8 things I underlined in Adam Smith's 5 things to watch over these next 70 days of Charlie Crist vs. Rick Scott
From the piece today on 1A:
1. Charlie Crist, the former self-described Ronald Reagan Republican, officially became the Democratic nominee for Florida governor Tuesday ...
2. The single-biggest obstacle to Crist this year is voter turnout history. In 2002, 40 percent of Democrats turned out to vote and 46 percent of Republicans turned out. In 2006, 40 percent of Democrats showed up, and 45 percent of Republicans. In 2010, Scott won when just 38 percent of Democrats voted and 46 percent of Republicans did.
It's no accident that Crist for the first time in his political career spent an election night in Fort Lauderdale, rather than his hometown of St. Petersburg. His campaign is fixated with driving up turnout in Palm Beach, Broward and Miami-Dade, heavily populated, Democratic counties where turnout often lags the rest of Florida.
It also helps explain why Crist through much of the year has often sounded more like a liberal Democrat than a centrist former Republican.
3. Expect a host of Democratic surrogates from across the country to converge on Florida in the coming weeks to help elect a Democratic governor of America's biggest battleground state, including probably Bill Clinton.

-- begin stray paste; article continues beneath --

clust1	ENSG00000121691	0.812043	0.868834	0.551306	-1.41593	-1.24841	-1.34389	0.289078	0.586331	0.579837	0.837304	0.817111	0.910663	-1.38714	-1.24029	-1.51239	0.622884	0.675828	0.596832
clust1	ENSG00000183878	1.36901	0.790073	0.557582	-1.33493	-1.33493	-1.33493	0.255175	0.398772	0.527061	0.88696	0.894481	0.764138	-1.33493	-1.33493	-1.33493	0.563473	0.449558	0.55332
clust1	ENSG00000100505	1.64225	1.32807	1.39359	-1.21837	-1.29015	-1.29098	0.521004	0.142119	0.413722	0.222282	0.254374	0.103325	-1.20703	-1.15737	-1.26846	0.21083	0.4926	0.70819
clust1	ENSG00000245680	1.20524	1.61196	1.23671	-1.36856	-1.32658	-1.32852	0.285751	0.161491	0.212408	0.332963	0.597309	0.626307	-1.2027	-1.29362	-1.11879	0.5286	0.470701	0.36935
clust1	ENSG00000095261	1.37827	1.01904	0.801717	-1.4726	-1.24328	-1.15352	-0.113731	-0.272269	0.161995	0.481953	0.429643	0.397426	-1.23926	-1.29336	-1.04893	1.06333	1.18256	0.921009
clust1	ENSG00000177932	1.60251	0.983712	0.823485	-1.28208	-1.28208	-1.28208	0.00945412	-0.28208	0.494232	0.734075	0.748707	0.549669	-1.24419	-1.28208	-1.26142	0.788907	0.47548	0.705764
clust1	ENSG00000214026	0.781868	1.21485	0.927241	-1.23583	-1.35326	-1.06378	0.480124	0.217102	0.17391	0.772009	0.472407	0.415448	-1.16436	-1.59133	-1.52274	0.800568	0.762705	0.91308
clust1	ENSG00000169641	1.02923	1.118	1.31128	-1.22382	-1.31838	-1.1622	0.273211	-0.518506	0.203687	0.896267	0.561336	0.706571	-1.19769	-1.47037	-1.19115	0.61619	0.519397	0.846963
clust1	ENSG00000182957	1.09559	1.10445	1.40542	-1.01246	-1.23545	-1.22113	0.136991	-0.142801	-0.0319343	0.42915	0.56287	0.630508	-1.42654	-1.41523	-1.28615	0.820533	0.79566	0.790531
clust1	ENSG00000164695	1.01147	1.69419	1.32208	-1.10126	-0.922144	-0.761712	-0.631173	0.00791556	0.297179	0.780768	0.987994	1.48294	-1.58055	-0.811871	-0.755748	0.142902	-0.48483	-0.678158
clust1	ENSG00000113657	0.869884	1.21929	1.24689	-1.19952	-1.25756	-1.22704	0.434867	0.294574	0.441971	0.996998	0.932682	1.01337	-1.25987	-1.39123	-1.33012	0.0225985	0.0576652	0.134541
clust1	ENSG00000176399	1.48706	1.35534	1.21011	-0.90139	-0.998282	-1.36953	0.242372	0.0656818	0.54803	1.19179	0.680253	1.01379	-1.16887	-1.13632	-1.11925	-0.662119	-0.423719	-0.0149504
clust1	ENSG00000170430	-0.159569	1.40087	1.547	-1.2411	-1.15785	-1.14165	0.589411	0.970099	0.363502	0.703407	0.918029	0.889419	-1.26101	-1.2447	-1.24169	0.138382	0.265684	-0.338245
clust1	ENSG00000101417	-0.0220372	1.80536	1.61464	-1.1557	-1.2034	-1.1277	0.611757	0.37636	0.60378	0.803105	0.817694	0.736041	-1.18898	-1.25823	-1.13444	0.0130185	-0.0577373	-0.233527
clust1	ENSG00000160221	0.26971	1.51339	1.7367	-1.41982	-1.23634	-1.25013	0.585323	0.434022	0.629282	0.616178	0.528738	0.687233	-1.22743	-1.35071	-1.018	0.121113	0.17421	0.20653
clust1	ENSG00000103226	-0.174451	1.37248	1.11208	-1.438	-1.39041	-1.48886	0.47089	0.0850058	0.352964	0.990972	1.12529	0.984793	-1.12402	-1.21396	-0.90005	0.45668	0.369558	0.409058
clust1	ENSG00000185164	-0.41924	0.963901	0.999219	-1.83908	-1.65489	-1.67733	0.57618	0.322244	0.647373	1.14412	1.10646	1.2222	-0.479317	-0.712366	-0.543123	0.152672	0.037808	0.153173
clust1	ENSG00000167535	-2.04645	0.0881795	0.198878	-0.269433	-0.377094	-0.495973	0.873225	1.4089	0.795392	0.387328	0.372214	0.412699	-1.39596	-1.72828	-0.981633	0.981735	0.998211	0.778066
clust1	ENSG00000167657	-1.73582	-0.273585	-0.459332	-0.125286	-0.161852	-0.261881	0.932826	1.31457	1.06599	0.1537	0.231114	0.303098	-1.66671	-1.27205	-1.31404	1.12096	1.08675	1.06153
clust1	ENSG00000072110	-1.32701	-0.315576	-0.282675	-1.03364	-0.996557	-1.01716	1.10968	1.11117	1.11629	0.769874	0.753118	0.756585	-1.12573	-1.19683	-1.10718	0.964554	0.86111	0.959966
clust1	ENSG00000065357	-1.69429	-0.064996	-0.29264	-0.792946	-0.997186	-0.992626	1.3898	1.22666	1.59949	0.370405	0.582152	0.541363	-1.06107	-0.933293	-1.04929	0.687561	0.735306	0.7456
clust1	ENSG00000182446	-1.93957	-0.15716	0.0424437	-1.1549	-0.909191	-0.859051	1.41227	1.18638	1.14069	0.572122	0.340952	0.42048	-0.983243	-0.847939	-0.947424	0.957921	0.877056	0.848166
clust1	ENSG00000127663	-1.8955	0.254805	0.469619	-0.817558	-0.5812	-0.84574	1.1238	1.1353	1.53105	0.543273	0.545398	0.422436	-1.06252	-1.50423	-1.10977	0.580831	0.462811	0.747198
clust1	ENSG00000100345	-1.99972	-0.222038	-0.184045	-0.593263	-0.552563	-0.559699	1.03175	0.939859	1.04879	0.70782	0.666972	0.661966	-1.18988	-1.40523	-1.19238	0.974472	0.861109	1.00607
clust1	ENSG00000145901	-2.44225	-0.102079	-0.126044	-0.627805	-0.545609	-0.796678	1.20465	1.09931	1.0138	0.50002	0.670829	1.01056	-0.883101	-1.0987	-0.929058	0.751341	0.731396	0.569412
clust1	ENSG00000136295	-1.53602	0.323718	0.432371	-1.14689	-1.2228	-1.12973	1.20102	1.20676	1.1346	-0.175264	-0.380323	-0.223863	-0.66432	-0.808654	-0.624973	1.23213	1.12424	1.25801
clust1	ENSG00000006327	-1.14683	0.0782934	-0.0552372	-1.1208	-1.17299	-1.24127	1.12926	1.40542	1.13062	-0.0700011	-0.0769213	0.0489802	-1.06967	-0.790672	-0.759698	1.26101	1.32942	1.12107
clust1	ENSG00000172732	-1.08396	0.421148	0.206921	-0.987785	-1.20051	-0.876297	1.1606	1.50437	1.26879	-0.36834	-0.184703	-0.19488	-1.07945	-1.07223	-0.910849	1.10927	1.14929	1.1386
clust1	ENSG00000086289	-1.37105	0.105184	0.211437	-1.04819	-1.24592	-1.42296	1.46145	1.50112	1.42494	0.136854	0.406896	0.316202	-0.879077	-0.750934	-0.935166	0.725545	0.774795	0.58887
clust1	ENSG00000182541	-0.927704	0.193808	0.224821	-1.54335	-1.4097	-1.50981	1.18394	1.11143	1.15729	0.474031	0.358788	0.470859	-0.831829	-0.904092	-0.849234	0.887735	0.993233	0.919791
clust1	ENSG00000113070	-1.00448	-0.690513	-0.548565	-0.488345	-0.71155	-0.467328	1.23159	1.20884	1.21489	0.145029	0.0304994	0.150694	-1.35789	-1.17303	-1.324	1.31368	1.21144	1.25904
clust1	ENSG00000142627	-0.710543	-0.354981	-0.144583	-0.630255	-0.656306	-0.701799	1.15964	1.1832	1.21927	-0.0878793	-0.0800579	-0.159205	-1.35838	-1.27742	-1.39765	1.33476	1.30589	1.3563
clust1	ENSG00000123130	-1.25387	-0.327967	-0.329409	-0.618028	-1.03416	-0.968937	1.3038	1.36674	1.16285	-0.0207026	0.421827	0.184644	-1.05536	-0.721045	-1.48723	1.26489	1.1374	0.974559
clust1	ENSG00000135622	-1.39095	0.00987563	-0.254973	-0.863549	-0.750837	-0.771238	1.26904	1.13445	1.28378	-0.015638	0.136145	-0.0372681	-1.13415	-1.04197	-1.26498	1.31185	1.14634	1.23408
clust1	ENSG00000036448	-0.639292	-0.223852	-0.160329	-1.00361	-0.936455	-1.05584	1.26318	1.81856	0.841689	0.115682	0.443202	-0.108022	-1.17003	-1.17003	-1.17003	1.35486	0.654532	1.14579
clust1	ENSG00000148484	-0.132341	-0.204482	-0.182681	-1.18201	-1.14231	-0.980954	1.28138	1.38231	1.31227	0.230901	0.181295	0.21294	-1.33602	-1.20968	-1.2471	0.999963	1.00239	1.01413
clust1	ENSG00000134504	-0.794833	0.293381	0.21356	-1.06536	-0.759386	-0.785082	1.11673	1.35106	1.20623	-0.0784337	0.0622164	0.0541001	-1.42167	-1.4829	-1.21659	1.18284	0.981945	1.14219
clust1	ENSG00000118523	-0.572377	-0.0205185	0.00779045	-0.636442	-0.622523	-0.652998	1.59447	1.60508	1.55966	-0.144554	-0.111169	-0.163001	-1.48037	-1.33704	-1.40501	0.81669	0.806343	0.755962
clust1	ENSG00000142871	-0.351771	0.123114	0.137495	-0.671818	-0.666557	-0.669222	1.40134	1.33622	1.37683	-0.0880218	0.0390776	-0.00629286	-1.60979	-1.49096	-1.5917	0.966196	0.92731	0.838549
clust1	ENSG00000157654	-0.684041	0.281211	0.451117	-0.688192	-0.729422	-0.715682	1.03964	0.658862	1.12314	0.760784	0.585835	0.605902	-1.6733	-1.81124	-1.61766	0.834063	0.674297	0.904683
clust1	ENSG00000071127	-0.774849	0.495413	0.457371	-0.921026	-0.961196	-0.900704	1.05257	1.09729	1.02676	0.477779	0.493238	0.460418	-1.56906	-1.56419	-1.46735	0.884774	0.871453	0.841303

4. Between Crist's assorted political committees and outside groups or allies, Democrats are likely to spend at least $50 million toward unseating Gov. Scott.
5. ... since March, Scott's campaign spent more $20 million on TV ads to move the polls about 6 points in his direction. Crist can move the needle with his own TV ad barrage, but he can never compete financially with Scott.
6. If you're tired of the negative ads now, wait until Nov. 4 finally arrives.
7. Crist has already made attacking Scott's character and integrity a central part of his campaign message, and it is in Scott's interest to tamp down Democratic enthusiasm for their nominee. Negative ads are the most effective way to do that, and some observers suspect the Scott campaign has barely warmed up.
8. As the demographics of Florida steadily change, and Republican-leaning white voters represent an ever-shrinking portion of the electorate, the path to Democratic victory relies more and more on what happens in South Florida, and Miami-Dade in particular.